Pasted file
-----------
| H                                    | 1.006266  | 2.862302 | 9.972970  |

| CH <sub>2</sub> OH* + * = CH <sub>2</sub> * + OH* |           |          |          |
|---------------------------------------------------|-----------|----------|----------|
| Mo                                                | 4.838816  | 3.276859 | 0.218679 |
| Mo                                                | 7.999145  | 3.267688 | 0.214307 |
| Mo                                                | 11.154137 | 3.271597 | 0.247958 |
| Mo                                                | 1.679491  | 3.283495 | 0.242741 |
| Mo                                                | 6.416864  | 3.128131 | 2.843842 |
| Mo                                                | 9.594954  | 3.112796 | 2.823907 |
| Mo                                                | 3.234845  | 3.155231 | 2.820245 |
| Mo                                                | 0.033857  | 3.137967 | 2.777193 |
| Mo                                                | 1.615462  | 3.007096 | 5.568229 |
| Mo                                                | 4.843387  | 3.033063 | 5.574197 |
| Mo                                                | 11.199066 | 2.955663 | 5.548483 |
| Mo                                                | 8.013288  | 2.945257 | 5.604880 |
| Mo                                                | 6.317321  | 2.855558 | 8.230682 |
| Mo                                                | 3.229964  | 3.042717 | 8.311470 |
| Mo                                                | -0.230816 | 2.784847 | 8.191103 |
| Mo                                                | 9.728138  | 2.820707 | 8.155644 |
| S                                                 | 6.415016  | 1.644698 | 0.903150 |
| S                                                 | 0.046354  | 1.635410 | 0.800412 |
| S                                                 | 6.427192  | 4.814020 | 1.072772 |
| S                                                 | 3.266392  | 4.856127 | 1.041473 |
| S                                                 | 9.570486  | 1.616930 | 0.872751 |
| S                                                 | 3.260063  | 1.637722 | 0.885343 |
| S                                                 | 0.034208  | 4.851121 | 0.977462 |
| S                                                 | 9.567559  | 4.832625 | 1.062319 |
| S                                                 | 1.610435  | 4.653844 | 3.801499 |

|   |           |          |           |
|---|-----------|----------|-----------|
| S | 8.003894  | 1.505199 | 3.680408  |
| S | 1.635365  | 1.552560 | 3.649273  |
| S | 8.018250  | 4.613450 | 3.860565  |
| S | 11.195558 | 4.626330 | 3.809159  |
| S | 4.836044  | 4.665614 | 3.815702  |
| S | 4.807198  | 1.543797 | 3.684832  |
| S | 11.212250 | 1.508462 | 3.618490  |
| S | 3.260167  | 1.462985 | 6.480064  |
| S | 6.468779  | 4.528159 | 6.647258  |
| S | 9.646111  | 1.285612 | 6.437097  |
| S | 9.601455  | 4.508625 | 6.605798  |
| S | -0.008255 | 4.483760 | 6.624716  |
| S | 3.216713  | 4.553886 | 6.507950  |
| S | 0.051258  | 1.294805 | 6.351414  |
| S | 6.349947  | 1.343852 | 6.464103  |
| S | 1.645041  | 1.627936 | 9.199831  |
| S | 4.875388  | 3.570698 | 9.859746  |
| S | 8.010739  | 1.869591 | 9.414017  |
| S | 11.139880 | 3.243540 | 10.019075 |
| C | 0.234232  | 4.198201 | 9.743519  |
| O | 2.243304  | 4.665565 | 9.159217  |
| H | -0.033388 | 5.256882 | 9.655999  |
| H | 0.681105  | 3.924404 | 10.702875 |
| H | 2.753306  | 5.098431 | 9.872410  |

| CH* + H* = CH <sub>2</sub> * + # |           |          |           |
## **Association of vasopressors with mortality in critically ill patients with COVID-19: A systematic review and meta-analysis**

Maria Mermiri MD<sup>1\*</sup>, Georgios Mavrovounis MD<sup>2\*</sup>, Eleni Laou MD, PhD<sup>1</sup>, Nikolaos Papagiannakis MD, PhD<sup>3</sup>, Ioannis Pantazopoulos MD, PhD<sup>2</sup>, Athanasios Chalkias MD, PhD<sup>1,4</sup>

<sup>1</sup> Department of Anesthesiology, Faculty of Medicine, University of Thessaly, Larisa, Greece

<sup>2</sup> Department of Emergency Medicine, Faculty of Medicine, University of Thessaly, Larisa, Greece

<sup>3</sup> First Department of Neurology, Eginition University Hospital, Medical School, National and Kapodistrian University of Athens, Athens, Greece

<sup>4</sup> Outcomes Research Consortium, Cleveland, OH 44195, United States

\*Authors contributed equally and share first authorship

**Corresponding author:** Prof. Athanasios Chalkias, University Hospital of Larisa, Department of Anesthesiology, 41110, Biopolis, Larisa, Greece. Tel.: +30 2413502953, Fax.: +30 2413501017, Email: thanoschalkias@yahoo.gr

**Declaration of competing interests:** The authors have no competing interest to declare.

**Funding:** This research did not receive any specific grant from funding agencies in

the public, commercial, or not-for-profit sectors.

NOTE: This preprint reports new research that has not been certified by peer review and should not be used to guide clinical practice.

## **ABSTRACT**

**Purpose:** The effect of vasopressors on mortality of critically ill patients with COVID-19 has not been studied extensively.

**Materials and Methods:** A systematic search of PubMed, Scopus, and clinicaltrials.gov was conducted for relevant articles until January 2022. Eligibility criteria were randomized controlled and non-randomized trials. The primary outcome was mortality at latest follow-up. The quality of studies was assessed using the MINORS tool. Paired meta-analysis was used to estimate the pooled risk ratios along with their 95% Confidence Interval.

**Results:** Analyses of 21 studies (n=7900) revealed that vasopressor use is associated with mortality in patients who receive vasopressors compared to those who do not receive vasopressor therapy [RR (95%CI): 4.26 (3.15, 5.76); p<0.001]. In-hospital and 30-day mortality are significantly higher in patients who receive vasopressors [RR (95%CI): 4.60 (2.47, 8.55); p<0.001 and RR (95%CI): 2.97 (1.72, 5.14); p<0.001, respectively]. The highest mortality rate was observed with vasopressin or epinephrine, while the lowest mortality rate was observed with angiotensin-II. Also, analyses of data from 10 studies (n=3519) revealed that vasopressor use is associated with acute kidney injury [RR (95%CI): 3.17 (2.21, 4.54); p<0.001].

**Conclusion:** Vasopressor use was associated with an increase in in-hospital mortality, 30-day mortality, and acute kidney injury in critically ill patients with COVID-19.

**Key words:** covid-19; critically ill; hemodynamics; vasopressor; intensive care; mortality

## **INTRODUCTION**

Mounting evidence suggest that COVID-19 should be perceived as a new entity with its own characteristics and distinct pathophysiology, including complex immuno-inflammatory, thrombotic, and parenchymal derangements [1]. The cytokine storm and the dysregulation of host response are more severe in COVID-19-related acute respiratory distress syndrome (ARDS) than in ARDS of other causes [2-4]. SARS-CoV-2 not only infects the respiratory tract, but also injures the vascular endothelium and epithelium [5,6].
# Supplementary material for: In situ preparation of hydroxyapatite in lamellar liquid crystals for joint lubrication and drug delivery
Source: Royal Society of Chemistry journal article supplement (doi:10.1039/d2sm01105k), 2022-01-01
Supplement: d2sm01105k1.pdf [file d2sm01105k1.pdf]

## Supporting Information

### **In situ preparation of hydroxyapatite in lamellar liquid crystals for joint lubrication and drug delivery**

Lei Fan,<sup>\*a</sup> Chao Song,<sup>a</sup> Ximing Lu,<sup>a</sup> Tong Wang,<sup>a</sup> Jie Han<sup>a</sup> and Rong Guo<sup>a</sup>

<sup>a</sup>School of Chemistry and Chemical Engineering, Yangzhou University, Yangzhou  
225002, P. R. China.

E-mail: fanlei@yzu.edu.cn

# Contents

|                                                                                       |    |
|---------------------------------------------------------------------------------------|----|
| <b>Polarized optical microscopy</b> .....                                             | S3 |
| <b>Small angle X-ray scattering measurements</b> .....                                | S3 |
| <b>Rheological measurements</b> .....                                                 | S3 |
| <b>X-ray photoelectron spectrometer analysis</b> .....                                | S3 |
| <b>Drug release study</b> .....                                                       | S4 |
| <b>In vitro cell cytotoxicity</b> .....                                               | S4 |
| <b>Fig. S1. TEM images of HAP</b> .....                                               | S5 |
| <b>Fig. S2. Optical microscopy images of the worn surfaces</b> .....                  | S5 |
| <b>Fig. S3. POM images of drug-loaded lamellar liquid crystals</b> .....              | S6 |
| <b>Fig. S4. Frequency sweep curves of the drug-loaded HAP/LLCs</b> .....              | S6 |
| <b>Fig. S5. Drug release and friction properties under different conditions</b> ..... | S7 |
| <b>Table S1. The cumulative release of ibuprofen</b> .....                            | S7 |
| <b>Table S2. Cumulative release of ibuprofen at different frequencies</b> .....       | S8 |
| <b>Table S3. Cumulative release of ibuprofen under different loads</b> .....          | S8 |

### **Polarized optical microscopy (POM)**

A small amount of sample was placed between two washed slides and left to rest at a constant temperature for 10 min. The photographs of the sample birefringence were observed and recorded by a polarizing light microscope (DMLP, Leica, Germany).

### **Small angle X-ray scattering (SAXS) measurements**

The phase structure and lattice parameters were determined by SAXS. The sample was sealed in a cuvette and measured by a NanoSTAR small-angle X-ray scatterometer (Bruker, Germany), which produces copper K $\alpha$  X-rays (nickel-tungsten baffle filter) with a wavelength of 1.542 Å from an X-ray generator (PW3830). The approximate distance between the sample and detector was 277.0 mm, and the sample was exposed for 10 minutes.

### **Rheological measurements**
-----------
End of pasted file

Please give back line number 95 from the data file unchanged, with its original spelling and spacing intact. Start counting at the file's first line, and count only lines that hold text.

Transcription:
| <b>Fig. S2. Optical microscopy images of the worn surfaces</b> .....                  | S5 |